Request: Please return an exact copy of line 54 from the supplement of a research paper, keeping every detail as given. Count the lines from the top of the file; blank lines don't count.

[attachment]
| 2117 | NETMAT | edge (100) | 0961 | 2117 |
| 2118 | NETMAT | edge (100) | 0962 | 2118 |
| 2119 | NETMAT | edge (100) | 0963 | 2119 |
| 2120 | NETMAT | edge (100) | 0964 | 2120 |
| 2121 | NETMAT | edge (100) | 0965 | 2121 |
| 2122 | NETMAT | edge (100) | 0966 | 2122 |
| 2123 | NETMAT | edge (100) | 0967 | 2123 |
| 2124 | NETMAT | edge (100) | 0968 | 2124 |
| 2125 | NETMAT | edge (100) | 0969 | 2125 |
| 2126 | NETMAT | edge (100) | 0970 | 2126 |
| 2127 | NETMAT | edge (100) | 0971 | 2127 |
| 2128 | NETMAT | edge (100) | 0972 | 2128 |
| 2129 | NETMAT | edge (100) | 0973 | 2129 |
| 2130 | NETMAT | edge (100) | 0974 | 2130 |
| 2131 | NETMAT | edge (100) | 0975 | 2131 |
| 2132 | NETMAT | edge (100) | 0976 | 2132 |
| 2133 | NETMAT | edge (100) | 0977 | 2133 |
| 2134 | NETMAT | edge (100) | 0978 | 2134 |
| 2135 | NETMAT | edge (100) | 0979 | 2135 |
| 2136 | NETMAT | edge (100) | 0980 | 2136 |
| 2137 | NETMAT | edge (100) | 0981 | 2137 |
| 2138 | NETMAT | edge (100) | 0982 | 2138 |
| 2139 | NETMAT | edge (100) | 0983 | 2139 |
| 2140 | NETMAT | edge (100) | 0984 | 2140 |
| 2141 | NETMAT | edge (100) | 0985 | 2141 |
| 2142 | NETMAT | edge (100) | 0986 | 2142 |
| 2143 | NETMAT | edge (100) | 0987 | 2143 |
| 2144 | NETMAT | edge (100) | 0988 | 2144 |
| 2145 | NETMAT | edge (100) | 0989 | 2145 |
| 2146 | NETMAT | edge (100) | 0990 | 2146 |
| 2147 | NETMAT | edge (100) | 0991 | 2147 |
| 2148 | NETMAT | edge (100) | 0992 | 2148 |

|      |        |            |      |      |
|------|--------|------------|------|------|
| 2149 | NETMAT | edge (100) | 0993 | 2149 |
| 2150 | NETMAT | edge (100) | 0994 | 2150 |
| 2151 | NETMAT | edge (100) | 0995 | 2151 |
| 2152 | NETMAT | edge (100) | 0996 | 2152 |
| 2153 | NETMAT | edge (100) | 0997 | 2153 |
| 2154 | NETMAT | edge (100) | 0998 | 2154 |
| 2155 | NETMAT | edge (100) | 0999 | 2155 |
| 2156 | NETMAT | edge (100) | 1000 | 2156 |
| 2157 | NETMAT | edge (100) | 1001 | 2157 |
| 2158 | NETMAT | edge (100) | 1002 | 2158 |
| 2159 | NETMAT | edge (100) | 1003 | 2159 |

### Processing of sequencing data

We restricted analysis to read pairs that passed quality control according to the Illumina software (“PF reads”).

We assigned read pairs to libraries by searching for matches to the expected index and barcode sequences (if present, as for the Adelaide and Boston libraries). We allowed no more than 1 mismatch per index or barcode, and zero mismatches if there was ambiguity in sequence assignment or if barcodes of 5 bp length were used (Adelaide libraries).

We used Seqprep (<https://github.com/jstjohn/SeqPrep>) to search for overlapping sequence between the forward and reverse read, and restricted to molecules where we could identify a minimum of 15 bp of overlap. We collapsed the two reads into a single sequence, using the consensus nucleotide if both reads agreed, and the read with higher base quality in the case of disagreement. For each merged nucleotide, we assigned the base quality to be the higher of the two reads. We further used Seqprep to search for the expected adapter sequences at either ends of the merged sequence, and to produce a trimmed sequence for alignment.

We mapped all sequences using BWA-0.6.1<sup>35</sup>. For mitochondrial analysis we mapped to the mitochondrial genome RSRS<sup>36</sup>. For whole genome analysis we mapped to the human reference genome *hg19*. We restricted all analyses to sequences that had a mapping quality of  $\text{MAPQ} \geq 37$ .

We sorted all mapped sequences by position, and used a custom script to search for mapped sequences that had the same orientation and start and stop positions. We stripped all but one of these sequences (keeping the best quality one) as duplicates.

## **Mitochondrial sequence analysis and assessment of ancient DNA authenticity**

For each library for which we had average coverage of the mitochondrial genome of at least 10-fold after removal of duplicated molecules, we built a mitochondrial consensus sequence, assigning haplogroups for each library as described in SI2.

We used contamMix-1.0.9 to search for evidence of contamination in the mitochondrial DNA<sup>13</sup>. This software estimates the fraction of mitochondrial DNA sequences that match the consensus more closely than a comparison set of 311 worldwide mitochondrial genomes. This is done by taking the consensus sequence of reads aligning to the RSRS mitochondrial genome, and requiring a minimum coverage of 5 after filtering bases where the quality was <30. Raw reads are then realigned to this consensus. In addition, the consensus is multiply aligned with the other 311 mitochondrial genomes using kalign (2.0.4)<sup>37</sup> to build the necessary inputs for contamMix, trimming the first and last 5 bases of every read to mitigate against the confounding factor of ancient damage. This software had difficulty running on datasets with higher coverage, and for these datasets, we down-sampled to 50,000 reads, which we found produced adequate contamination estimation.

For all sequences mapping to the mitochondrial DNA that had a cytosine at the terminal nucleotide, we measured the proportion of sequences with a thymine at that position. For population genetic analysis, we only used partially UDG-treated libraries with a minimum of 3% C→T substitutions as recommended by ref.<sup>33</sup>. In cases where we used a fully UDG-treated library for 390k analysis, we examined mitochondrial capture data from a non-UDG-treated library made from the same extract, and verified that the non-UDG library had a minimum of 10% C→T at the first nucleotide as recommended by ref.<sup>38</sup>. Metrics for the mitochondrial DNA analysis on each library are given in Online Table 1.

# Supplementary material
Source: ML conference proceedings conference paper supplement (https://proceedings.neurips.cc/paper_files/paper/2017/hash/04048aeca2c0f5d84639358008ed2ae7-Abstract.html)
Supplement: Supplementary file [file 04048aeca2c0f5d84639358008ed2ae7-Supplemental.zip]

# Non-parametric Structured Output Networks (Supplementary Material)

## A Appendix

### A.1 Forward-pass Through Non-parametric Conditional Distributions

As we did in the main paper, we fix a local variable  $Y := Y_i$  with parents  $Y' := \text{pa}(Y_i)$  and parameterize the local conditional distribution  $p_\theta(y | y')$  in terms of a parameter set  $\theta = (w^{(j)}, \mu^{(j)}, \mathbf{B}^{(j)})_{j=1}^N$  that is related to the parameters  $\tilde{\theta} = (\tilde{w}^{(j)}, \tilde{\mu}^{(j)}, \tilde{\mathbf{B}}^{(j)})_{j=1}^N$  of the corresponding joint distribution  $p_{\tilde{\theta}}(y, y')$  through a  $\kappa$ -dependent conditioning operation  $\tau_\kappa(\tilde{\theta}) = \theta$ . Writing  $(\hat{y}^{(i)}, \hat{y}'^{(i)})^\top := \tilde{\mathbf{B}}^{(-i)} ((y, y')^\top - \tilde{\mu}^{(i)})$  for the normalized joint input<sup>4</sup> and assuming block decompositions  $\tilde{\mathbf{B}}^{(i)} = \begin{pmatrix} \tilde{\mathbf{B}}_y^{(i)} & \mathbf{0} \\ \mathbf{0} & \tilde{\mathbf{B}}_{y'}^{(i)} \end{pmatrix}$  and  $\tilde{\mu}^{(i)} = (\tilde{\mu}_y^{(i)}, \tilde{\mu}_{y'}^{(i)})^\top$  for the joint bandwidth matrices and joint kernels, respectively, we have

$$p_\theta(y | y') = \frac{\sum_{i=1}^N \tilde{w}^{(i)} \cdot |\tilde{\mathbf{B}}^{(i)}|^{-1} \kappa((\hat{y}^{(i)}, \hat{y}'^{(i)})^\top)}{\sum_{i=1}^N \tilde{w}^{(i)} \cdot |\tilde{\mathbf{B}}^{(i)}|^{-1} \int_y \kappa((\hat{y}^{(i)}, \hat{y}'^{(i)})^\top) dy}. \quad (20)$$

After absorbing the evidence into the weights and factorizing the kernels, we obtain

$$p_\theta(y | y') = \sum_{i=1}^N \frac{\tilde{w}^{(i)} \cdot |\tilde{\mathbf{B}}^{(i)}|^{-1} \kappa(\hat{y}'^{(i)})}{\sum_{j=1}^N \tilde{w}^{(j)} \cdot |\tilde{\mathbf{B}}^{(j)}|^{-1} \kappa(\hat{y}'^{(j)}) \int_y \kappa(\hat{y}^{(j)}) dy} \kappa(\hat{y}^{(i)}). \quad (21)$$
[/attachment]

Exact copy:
We used contamMix-1.0.9 to search for evidence of contamination in the mitochondrial DNA<sup>13</sup>. This software estimates the fraction of mitochondrial DNA sequences that match the consensus more closely than a comparison set of 311 worldwide mitochondrial genomes. This is done by taking the consensus sequence of reads aligning to the RSRS mitochondrial genome, and requiring a minimum coverage of 5 after filtering bases where the quality was <30. Raw reads are then realigned to this consensus. In addition, the consensus is multiply aligned with the other 311 mitochondrial genomes using kalign (2.0.4)<sup>37</sup> to build the necessary inputs for contamMix, trimming the first and last 5 bases of every read to mitigate against the confounding factor of ancient damage. This software had difficulty running on datasets with higher coverage, and for these datasets, we down-sampled to 50,000 reads, which we found produced adequate contamination estimation.